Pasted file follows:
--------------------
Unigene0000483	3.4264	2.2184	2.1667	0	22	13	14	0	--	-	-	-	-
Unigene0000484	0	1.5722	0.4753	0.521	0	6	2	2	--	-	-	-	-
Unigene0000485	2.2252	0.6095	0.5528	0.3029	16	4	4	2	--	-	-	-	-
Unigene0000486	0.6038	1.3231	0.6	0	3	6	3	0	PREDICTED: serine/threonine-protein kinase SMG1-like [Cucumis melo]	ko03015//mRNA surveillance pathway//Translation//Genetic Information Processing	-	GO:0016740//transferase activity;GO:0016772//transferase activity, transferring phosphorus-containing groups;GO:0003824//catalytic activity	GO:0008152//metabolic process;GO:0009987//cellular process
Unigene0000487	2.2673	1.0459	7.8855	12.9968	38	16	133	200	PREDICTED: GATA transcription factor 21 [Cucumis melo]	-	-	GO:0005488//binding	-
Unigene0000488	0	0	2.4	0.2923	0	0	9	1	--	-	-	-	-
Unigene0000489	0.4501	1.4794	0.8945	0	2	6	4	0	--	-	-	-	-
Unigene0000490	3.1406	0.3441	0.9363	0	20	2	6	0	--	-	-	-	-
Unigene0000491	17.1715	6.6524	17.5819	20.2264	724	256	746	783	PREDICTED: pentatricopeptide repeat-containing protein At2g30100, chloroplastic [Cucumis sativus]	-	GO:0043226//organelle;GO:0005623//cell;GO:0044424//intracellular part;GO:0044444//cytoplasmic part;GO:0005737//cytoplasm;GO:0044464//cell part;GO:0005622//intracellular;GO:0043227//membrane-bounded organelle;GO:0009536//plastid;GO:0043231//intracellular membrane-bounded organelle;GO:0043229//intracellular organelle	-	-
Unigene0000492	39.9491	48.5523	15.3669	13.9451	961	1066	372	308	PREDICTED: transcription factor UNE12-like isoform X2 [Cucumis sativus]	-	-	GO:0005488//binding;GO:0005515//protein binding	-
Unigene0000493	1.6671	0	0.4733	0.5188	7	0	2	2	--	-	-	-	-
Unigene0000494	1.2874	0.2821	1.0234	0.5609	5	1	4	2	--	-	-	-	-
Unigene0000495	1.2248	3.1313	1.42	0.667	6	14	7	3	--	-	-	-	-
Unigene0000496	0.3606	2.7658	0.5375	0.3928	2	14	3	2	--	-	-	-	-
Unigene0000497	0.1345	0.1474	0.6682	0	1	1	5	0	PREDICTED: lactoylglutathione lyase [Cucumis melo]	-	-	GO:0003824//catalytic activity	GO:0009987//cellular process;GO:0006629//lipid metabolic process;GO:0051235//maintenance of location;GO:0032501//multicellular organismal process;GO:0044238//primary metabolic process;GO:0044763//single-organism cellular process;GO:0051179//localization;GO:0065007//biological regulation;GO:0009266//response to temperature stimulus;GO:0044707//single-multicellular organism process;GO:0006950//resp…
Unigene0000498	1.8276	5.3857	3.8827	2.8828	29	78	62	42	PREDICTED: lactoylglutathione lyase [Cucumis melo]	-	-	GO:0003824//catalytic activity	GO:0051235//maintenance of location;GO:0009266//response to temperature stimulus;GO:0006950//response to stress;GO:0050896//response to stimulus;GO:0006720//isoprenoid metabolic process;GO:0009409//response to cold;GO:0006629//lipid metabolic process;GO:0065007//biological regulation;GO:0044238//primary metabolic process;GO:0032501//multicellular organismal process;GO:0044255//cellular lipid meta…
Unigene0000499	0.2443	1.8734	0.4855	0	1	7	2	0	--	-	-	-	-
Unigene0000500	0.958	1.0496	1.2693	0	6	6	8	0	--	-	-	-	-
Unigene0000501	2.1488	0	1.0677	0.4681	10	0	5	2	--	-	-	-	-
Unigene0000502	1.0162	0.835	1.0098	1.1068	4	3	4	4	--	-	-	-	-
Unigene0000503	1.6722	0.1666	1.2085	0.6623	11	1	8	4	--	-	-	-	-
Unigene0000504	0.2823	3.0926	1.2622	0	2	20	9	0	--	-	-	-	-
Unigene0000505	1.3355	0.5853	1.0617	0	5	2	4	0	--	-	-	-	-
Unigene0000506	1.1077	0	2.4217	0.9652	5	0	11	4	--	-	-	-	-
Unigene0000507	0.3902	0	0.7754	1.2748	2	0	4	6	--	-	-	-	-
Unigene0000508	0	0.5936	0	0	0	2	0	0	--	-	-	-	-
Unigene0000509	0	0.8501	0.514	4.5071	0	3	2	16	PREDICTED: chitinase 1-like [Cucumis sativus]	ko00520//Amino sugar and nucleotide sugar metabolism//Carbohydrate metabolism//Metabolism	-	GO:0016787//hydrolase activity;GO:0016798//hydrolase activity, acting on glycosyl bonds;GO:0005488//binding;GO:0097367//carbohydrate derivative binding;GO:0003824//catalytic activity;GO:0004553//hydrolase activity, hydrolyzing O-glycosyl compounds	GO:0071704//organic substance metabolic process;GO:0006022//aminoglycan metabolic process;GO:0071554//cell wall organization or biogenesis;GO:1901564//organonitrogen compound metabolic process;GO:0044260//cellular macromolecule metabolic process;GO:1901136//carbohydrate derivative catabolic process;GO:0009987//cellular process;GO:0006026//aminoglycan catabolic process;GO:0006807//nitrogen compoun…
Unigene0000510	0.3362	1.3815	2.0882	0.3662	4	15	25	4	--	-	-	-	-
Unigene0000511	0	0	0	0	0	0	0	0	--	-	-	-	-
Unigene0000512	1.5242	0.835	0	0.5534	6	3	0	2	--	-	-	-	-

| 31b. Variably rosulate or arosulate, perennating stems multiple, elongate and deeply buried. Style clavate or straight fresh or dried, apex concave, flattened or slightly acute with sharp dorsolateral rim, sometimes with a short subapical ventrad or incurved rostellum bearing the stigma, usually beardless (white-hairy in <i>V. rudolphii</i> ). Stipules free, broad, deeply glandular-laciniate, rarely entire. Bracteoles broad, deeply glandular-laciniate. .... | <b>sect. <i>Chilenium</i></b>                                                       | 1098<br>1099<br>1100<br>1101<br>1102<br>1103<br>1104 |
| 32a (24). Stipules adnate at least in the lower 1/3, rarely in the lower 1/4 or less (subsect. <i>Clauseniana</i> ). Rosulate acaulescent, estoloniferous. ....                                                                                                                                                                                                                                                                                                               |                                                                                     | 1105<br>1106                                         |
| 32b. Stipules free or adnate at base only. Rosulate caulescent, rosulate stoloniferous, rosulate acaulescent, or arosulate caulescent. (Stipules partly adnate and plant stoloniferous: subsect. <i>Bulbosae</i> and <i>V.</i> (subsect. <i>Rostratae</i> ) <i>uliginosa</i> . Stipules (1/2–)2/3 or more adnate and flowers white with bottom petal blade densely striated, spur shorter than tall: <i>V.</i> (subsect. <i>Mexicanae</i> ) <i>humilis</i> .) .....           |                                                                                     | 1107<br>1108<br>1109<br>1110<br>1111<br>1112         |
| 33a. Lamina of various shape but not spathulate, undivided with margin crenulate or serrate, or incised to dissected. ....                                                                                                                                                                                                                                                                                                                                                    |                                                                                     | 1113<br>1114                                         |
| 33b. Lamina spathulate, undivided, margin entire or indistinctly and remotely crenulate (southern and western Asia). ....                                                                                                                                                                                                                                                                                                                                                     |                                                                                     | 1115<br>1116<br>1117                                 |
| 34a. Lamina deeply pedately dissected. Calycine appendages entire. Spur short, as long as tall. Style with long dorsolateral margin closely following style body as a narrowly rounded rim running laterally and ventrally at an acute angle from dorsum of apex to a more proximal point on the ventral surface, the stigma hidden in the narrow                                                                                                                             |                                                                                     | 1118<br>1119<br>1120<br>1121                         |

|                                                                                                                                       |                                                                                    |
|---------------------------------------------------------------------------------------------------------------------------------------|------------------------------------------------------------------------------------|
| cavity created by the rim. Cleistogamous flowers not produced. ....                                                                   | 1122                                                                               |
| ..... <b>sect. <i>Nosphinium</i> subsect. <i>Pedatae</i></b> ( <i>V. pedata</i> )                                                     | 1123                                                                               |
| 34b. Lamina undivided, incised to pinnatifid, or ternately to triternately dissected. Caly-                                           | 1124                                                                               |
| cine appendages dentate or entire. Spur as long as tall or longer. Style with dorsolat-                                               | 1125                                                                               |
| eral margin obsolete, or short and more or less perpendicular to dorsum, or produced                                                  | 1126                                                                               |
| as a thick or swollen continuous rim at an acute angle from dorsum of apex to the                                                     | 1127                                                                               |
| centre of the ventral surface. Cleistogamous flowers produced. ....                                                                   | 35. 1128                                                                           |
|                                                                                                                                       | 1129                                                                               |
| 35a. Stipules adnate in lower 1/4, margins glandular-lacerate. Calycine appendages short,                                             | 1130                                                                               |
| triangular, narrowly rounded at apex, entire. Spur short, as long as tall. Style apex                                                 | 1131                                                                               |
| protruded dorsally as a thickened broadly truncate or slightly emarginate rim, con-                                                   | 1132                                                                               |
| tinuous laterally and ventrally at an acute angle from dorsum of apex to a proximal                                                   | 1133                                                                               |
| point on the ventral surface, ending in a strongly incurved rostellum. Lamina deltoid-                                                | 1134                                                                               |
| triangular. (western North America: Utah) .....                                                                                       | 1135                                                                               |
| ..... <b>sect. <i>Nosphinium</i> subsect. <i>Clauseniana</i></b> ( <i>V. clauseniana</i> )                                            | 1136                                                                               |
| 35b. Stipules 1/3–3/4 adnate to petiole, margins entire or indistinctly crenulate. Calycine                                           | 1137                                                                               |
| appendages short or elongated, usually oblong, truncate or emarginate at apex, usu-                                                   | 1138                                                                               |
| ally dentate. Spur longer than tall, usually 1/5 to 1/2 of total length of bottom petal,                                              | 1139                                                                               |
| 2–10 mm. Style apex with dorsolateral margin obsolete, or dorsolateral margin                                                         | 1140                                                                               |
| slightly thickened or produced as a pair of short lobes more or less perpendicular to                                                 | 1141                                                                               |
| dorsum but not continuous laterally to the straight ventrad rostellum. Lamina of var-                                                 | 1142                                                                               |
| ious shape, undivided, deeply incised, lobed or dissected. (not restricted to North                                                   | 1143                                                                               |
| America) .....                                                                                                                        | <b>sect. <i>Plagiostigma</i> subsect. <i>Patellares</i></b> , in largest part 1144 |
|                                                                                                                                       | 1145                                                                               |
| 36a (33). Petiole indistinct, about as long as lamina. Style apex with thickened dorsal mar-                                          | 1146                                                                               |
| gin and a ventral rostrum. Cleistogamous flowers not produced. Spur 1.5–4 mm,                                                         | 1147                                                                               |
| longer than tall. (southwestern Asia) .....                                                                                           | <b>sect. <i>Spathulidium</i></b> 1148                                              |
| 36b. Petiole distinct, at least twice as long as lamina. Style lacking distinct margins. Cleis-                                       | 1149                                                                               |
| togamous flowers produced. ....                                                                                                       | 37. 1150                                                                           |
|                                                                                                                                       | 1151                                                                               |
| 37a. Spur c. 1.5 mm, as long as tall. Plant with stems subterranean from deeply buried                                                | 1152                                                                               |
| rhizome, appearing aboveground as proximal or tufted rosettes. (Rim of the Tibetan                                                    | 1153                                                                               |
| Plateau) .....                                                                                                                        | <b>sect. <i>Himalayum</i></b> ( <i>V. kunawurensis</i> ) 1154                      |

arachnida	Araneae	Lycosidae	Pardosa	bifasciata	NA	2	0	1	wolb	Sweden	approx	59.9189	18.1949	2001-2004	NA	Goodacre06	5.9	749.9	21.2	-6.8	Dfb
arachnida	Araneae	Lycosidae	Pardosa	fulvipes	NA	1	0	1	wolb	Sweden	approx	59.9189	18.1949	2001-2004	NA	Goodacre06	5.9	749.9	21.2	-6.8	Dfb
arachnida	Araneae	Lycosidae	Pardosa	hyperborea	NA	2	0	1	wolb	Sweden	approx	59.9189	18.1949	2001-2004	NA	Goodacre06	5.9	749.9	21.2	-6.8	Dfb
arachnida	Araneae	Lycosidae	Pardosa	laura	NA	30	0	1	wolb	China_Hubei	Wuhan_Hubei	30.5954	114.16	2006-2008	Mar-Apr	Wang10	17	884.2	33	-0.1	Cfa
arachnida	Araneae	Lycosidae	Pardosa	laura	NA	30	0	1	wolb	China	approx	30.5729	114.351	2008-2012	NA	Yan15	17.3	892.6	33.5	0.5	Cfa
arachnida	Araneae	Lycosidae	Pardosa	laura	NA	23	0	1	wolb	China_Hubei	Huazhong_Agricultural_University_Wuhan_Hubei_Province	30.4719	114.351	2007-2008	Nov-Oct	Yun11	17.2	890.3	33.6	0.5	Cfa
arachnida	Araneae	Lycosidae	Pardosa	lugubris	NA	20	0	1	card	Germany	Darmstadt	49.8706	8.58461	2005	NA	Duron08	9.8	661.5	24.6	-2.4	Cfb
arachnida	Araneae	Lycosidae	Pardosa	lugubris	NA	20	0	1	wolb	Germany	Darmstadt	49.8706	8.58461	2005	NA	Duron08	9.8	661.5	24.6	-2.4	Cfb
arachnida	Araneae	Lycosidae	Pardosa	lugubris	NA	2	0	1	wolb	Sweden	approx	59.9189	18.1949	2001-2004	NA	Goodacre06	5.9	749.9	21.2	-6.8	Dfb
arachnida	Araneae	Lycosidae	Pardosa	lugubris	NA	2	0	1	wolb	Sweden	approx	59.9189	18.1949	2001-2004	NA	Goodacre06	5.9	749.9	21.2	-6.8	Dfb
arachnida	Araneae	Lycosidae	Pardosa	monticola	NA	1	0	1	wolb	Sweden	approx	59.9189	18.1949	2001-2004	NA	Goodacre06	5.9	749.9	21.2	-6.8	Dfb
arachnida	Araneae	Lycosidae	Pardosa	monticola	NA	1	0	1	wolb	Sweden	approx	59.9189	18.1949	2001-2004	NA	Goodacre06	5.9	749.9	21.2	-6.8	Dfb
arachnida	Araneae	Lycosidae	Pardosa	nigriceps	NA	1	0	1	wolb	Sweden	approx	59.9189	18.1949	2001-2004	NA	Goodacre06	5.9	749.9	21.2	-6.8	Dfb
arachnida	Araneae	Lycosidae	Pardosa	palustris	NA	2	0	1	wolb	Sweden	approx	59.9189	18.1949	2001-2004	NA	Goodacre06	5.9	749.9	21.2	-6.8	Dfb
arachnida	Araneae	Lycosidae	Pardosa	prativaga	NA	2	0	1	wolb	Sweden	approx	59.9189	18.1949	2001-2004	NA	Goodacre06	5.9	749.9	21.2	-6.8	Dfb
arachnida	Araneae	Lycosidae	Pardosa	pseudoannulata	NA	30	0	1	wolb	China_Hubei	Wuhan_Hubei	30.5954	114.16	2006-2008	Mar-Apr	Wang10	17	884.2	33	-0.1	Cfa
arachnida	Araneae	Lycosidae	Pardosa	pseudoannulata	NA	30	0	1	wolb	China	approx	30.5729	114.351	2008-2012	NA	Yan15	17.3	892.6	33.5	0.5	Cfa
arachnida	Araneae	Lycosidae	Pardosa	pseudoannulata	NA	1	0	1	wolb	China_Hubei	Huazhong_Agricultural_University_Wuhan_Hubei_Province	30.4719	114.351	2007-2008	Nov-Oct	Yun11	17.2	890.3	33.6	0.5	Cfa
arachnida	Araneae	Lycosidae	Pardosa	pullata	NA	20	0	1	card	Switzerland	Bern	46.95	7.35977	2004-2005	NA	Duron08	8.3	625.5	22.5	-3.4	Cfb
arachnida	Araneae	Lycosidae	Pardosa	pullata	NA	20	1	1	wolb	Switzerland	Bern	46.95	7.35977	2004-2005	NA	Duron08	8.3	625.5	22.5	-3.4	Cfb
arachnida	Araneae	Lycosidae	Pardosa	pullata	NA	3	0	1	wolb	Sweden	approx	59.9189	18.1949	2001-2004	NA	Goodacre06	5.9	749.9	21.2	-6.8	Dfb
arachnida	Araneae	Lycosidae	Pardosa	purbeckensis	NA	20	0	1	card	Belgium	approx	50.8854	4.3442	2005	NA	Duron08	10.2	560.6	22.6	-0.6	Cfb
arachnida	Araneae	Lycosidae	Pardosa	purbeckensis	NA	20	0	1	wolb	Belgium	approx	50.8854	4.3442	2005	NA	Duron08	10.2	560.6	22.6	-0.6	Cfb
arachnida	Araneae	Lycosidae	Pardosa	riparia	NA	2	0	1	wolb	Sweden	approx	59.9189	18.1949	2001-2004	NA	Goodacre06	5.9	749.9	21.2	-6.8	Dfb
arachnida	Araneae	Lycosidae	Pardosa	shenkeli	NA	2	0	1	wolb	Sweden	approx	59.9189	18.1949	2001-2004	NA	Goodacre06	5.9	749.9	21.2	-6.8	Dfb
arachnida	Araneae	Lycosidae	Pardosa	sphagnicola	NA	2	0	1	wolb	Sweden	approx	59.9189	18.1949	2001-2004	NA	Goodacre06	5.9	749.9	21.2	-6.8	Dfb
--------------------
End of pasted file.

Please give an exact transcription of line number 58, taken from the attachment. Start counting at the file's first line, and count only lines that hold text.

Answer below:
| slightly thickened or produced as a pair of short lobes more or less perpendicular to                                                 | 1141                                                                               |